How do we honor God with our bodies? One grand way. We flee from immorality. It means we proclaim lovingly and loudly that sex is for marriage and no where else! We honor God with the one-flesh relationship of marriage. That is not a message our culture receives with joy. No matter. As God’s people we honor God in the one-flesh relationship of marriage. (Tim McQuade)
Third Sunday after the Epiphany (B)
January 26, 2003
A People Possessed!
Four men answered Jesus’ call to be His disciples. That call possessed their lives. Jesus issues that call to us. Will His call to discipleship possess your life?
I. This is more than a simple story
Jesus was not making a cold call upon these four men. I’m certain they knew about Jesus and who He was and had probably heard His preaching.
When Jesus called these men they walked away from everything to follow. “As Jesus walked beside the Sea of Galilee, He saw Simon and his brother Andrew, casting a net into the lake, for they were fishermen. ‘Come, follow Me,’ Jesus said, ‘And I will make you fishers of men!’ At once they left their nets and followed Him.” Amazing! Simon and Andrew dropped their livelihoods and followed Jesus. John and James did the same.
Think for a minute about what these people left behind. Nothing less than their livelihood. Fishing was not a hobby for these men. Fishing was their career, their vocation, their bread and butter. All four of these men had the potential for making a good living. They walked away from that good living and followed Jesus. Mark described their response as immediate and without any hesitation!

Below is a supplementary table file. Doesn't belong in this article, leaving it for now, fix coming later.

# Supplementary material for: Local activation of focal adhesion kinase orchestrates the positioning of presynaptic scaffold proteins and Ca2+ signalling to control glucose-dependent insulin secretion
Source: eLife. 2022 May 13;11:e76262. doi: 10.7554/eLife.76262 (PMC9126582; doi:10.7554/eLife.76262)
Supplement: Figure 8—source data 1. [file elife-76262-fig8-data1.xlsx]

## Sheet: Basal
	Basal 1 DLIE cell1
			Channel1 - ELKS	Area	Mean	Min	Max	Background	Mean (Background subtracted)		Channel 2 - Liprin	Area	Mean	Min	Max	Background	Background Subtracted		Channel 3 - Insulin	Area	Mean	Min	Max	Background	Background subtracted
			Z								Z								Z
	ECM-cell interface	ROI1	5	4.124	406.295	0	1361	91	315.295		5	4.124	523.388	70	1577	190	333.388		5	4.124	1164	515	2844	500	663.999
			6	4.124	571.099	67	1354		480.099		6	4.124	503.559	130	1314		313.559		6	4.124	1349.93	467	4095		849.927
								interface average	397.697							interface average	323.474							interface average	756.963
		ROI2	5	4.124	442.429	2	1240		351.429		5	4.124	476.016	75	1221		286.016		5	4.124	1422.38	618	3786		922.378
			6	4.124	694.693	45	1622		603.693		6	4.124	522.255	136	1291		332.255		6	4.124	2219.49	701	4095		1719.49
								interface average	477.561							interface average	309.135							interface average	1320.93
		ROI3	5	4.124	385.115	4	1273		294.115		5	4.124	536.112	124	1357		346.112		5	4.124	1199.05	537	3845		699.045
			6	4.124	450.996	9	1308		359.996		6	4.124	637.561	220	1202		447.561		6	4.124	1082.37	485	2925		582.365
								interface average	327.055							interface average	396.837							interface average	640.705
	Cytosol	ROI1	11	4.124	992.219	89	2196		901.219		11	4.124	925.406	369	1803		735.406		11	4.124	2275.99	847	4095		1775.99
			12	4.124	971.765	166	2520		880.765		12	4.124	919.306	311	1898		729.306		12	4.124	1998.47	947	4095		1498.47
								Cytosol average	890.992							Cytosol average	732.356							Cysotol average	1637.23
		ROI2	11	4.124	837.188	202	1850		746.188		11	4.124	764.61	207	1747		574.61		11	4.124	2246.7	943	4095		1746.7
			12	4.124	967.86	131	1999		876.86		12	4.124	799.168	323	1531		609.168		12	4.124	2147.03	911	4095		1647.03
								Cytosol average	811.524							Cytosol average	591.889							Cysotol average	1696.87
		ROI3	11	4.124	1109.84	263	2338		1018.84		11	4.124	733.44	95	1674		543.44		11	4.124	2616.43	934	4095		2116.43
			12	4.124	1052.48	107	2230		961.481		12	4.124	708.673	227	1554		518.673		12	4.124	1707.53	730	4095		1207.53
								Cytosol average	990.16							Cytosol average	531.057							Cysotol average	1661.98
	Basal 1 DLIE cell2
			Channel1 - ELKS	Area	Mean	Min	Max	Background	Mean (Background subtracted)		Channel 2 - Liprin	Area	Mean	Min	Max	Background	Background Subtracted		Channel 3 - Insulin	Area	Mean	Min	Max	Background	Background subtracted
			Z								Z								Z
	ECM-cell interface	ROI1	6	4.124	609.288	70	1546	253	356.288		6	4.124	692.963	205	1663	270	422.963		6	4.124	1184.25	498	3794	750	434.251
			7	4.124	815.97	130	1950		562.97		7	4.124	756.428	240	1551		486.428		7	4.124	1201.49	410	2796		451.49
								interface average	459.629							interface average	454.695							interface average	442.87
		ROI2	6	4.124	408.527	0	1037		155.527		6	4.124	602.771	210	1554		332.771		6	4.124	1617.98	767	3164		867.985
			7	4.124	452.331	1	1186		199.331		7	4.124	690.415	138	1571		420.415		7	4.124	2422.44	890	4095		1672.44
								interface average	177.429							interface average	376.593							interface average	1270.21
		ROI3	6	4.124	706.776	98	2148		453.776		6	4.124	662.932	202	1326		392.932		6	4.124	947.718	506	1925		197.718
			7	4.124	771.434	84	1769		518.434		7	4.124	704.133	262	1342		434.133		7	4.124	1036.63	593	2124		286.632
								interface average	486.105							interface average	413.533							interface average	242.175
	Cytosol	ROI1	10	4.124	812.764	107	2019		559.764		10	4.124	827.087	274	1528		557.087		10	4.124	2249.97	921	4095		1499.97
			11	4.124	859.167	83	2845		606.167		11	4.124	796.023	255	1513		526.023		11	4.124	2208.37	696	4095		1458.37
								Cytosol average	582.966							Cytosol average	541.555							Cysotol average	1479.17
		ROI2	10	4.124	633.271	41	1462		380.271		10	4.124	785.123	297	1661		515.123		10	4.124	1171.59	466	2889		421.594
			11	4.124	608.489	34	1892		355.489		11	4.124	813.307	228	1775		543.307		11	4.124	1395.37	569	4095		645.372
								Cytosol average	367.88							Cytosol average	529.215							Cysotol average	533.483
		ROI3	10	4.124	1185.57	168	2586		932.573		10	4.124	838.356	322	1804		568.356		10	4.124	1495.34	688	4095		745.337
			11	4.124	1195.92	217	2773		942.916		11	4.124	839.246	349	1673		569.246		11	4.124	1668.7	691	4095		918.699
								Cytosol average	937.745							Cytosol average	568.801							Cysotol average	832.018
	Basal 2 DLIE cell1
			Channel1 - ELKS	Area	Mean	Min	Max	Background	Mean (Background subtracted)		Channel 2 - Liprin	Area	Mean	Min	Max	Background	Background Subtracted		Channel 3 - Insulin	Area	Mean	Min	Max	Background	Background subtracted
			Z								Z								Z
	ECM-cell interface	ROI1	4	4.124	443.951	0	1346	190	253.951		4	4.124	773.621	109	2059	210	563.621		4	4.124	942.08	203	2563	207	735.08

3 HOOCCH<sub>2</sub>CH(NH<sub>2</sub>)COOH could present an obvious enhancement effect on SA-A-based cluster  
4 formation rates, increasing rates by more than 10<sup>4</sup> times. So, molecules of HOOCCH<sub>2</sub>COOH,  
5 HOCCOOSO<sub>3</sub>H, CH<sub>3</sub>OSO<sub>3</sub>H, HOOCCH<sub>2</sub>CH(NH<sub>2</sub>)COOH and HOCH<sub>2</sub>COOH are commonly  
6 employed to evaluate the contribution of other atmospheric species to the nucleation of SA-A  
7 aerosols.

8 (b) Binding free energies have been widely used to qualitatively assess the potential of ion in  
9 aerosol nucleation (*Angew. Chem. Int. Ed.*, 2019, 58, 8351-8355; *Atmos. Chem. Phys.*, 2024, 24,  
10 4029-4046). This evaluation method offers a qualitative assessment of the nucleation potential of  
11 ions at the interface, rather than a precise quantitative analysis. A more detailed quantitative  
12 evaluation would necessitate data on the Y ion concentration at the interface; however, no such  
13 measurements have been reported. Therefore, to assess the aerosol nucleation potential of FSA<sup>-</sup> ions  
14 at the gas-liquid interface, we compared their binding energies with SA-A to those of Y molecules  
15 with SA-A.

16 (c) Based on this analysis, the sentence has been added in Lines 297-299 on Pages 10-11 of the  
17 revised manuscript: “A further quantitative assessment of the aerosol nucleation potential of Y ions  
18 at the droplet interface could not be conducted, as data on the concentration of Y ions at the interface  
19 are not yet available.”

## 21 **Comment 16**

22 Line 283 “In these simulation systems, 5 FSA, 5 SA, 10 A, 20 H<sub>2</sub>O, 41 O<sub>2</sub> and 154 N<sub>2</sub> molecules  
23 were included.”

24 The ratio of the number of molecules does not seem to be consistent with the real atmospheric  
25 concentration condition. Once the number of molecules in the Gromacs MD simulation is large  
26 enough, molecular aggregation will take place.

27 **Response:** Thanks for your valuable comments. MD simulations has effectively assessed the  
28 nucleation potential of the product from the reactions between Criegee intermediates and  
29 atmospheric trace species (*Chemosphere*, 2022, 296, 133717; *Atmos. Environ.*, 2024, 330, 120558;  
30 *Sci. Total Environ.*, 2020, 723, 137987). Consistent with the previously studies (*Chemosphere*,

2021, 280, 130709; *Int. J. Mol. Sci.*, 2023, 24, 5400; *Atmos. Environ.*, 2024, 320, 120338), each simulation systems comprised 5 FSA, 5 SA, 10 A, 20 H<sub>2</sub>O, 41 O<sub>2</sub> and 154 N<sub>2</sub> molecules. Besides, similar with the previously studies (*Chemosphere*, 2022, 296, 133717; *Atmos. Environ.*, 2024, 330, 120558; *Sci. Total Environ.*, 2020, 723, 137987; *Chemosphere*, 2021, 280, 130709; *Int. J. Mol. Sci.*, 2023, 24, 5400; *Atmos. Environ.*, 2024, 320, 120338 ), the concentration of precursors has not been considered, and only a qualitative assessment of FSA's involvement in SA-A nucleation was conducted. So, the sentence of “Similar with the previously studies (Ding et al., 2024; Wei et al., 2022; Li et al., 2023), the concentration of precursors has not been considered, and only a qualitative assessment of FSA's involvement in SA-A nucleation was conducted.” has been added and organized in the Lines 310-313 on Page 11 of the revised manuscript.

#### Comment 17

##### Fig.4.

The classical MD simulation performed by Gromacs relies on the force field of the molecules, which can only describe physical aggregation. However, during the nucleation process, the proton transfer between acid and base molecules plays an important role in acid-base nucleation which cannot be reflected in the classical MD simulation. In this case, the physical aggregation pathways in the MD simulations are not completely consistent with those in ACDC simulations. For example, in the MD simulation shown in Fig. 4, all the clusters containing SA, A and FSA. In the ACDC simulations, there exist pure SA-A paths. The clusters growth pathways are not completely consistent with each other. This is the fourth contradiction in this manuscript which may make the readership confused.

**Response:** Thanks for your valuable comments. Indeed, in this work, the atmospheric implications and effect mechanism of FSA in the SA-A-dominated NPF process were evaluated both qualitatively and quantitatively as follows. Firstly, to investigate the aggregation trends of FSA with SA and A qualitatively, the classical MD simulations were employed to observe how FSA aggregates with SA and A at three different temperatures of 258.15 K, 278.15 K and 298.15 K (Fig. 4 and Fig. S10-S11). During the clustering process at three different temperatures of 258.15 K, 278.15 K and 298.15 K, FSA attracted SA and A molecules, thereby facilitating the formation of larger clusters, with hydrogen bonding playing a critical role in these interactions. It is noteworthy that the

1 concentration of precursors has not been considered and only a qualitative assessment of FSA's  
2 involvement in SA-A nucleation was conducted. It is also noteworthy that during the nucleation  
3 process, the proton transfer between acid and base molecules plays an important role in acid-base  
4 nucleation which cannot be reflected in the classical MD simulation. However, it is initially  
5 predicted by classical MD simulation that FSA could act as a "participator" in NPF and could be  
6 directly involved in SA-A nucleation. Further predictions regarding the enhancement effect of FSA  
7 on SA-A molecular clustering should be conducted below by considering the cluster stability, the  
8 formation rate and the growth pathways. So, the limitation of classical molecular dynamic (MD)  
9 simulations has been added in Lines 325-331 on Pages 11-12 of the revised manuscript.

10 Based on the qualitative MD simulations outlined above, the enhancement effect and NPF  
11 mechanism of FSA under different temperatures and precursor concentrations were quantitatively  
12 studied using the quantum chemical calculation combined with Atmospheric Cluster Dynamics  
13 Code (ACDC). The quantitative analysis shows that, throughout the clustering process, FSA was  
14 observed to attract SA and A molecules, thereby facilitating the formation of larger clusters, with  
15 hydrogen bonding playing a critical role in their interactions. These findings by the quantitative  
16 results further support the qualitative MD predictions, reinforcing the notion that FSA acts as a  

If you heard of someone doing this today you’d think him incredibly irresponsible, wouldn’t you? What would possess reasonable men to leave behind a livelihood and family businesses to follow Jesus? They have families to support. They have obligations. What possessed these men to walk away and follow Jesus?
II. An offer they couldn’t refuse is offered to us
I believe there are two specific reasons why these men walked away to follow Jesus. First, Jesus called them to participate in His ministry. He said, “Follow Me and I will make you fishers of men!” Jesus would make them full participants in His ministry.
Second, Jesus also called them to be in His inner circle of students. A disciple followed his teacher and learned not simply through study but also by doing and living what they were taught. A disciple received closer instruction because they lived with the master. That was what Jesus offered these four men. He offered them an opportunity to share in His ministry and learn from Him as inside students.
We may read this account with some relief. We think, “What would I have done if Jesus called me like that?” When we realize that Jesus will never walk up to us as He did these four men we’re relieved. But Jesus does call you and me to be disciples. Jesus expects us to be a people possessed by the call to be His disciples just like these four men!
III. How do we live a life possessed?
How do we live a life possessed by discipleship? There is first an understanding, second a prayer. First, a life possessed by discipleship means understanding our livelihoods as our fields of discipleship. We tend to see life in terms of secular and sacred work. Ministers and clergy do sacred work. Policemen, teachers, salesmen do secular work. Clergy are the ones called by God to serve Him. Others simply work, right? Wrong!
For the disciple there is no such thing as secular work. All work is sacred work in the disciple’s hands. So Jesus asks us, “Will you be My disciple in sales? Will you be My disciple working with your hands? Will you be My disciple in the classroom? Will you be My disciple in the bank, in your business, in management? Come, follow Me.”
Second, living a life possessed by Jesus’ call means praying a certain prayer. Do not pray this prayer unless you’re serious about discipleship. God will answer it. “O Lord, I pray I would be where You want me to be, doing what You want me to do.”